Special Tax Districts for City Schools?

Special tax districts to build public schools?

Photo credit: WAVY TV

Chesapeake Councilwoman Debbie Ritter has a crazy idea — why not let Chesapeake create special districts that allow property owners to tax themselves to fund school improvements in their district? Virginia localities can set up special tax districts to pay for utilities, transportation improvements, and even sand dredging, why not schools?

Here is her logic, as laid out by the Virginian-Pilot:

Ritter said she is requesting the change so the city has a way to pay for schools in the currently undeveloped Dominion Boulevard area off U.S. 17. The city is set to vote this month on the Dominion Boulevard Corridor Study, which maps out future land use on about 10,000 acres around Dominion Boulevard South, from the new Veterans Bridge south to the Great Dismal Swamp National Wildlife Refuge. The tentative plan notes that new elementary and middle schools may be needed.

Ritter said she would “never consider imposing an additional tax on an already developed area of the city.”

“If you live in an area now, you will not be asked to be a part of the special taxing district,” Ritter said. What the city needs is a way to fund new infrastructure around the corridor “without imposing that on current residents and businesses.”

Interesting issue. As an abstract principle, I support the idea of letting people tax themselves for public projects they want — it beats dipping into public coffers and asking other taxpayers to share the cost. As a bonus under Ritter’s plan, the people of the Dismal Swamp area of Chesapeake might get their school built far more quickly than if they had to wait for the city to scrounge up the funds or issue city-wide bonds, which city-wide voters might reject.

But there is a potential downside. I can also envision a scenario in which affluent neighborhoods vote to tax themselves for new or renovated schools, then vote down city- or county-wide funding initiatives. Poor neighborhoods would be the losers.

— JAB

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4 responses to “Special Tax Districts for City Schools?

  1. BR desperately needs some folks like Bosun to educate on how govt works…

    special tax districts are ONLY for NEW infrastructure , not operating expenses, salaries, maintenance, etc… so you’re gonna build fancy facilities but have all taxpayers pay for staffing and maintenance?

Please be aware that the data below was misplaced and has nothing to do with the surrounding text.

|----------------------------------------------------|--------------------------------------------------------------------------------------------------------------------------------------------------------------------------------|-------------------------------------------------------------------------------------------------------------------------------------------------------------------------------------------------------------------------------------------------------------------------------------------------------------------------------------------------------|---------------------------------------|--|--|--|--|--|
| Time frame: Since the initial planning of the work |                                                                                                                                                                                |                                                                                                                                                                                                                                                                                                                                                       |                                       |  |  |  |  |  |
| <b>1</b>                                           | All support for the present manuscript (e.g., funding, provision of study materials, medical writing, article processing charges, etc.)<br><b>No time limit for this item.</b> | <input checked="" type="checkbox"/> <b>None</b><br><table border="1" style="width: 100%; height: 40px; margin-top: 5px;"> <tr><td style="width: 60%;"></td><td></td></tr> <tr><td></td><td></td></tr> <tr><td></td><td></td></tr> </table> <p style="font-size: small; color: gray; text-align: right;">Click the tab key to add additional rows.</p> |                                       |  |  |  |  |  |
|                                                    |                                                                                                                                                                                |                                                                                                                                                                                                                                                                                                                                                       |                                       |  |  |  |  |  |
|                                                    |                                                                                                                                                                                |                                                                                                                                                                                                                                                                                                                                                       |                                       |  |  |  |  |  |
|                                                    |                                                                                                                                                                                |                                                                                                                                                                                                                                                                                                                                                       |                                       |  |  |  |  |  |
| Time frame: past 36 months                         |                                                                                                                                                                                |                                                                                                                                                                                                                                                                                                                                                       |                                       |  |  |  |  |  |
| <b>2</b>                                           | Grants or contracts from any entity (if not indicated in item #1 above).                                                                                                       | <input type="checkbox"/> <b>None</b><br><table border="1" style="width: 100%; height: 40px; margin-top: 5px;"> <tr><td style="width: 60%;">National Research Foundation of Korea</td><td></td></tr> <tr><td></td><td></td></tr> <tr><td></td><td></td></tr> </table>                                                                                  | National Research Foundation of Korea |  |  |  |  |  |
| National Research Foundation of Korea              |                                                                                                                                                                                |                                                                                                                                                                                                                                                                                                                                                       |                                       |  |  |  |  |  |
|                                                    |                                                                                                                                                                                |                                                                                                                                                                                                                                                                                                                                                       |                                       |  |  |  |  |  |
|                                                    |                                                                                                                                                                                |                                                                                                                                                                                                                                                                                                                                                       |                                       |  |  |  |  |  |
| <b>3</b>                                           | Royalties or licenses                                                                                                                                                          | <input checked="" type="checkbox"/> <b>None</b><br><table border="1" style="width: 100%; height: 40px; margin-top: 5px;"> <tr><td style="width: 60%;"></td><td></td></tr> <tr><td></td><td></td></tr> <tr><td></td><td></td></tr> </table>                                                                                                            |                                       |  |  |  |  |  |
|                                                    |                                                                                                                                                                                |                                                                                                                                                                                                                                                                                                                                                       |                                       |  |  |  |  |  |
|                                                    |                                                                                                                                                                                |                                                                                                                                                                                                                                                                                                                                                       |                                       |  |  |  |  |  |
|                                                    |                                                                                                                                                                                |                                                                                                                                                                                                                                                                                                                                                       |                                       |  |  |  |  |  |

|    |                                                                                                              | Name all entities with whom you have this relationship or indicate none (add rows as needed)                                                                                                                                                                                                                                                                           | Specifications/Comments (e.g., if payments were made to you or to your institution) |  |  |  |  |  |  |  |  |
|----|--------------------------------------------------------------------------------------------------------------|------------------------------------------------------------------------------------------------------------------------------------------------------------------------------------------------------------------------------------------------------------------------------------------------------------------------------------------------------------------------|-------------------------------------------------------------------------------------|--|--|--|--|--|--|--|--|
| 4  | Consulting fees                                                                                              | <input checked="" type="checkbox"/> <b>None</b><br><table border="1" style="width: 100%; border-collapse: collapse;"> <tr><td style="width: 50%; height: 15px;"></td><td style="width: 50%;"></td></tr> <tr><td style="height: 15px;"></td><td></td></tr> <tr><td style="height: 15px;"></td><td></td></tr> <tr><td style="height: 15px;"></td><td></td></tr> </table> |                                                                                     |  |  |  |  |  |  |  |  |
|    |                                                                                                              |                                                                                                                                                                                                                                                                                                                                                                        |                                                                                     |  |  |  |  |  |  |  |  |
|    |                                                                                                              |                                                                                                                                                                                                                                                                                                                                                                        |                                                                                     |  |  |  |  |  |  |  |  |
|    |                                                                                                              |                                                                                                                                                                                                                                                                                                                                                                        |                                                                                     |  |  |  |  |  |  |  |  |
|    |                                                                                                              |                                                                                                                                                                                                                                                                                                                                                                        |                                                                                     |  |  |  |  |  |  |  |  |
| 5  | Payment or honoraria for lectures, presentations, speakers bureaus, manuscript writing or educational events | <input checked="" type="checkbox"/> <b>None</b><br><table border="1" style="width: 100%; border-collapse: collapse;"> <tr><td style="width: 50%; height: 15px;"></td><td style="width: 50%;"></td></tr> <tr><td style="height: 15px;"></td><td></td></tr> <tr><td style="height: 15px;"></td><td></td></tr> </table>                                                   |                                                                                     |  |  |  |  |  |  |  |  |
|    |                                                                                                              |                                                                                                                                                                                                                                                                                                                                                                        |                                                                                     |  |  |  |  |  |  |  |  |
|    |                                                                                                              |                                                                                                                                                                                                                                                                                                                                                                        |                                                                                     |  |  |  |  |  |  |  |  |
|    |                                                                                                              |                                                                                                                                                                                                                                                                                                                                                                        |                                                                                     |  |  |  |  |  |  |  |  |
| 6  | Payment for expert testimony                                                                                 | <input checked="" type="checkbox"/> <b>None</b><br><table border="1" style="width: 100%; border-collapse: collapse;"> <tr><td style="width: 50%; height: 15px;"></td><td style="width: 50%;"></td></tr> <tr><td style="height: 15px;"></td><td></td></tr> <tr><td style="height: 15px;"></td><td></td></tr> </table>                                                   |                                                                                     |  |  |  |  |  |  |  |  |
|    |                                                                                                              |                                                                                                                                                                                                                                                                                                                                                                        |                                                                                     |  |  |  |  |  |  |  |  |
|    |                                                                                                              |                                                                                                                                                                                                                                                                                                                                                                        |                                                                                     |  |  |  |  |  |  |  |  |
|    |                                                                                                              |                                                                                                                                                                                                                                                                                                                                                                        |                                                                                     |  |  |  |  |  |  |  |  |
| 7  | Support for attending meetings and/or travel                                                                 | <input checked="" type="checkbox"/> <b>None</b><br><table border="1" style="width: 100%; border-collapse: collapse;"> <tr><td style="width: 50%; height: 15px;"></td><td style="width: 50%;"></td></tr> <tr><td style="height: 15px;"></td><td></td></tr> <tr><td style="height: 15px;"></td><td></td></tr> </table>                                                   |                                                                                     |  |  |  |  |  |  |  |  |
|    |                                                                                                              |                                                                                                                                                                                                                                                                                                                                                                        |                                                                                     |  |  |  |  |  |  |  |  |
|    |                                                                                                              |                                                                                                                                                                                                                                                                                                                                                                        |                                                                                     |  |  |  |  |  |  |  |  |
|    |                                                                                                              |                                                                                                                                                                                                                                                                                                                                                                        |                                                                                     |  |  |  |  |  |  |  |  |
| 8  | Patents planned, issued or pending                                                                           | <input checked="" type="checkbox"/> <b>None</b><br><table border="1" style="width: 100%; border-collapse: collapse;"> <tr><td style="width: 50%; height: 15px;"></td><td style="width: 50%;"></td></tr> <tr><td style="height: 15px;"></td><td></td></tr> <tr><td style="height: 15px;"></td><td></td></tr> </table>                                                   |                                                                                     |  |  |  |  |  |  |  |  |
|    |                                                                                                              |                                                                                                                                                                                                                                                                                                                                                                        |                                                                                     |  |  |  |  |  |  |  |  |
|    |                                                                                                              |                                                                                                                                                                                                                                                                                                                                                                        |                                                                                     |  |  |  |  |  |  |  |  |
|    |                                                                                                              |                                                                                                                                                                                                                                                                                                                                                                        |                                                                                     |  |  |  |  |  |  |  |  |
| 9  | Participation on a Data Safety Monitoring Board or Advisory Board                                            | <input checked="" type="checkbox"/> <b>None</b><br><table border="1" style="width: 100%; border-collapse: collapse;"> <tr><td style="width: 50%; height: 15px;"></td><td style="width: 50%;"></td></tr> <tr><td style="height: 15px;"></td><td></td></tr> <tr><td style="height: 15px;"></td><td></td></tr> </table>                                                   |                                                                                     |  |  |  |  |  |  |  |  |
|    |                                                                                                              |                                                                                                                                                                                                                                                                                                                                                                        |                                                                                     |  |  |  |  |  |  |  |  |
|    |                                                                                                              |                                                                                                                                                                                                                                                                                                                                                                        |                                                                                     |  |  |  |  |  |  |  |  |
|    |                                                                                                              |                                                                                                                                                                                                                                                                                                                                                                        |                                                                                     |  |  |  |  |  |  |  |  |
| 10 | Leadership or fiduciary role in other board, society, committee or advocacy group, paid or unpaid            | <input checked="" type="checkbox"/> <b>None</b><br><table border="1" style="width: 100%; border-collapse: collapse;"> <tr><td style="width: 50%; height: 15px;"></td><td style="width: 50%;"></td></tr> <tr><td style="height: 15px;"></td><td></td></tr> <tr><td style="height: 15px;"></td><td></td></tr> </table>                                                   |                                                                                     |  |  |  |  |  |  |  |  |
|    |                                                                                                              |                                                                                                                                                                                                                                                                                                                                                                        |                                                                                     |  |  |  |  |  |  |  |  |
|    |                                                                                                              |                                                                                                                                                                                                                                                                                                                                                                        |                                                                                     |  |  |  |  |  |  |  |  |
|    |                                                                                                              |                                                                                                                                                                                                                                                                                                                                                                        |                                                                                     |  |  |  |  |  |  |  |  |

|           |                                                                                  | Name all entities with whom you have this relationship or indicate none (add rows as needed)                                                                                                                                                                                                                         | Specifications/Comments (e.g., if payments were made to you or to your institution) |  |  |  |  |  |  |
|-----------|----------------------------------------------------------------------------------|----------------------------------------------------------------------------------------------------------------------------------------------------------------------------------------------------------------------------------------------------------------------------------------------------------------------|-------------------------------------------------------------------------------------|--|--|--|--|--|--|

Tax districts have to be agreed to by a majority of the land owners in that proposed district – usually implemented by the developer that owns the big parcel before it gets subdivided or else you need a majority of property owners agreeing to the higher tax.

    AND .. finally – who is going to loan the tax district residents the money to pay to build the school? Oh you say you want the county to go borrow it at their rate than pay it back from the higher tax district taxes – and you want to do this without the folks in the rest of the county agreeing to it?

    really?

    and this lady is an elected official who is speaking on behalf of the “government”.

    There ought to be a mandatory boot camp for newly elected officials in my view… to help them understand their role, responsibilities, and what they can’t do.

  2. I agree with Larry that a special tax or service district for schools must be limited to capital costs only. It’s similar to a special assessment imposed in some states for new sidewalks or storm sewers. Operating costs must be paid from traditional sources including real estate and sales taxes, state aid and federal funding.

    When I lived in Nebraska, I saw new developments impose special taxes to fund public facilities. Only when the revenues exceeded the outlays did a city or town annex them. Different style of government, but instructive, at least to some degree.

  3. Folks should also have a clear idea of what they SAY they WANT.

    There is no law that prevents people from joining together to build and operate their own school for their own kids …. and building that school to their specifications and staffing per their standards and operating it per their rules including who can go there or not.

    Such “academies” are not at all unusual in some places in the US and other countries including England where I think I’ve read about half the kids attend and it is considered by some to be a divided society of haves and have-nots on that basis.

    but you cannot very easily , essentially fund the construction and operation of de-facto private schools with public money, not for a lack of trying, though.

  4. That last paragraph of yours, JB, is not merely a “potential downside” but a near certain, fatal, flaw. I agree with LG’ s last point: “such academies” are called private schools, and that’s what people organize and run when the government doesn’t provide, or provides a crappy product. Why would people go forward with all that fundraising effort for a new-school tax district and then turn over the finished product to the very government that didn’t do its job in the first place?

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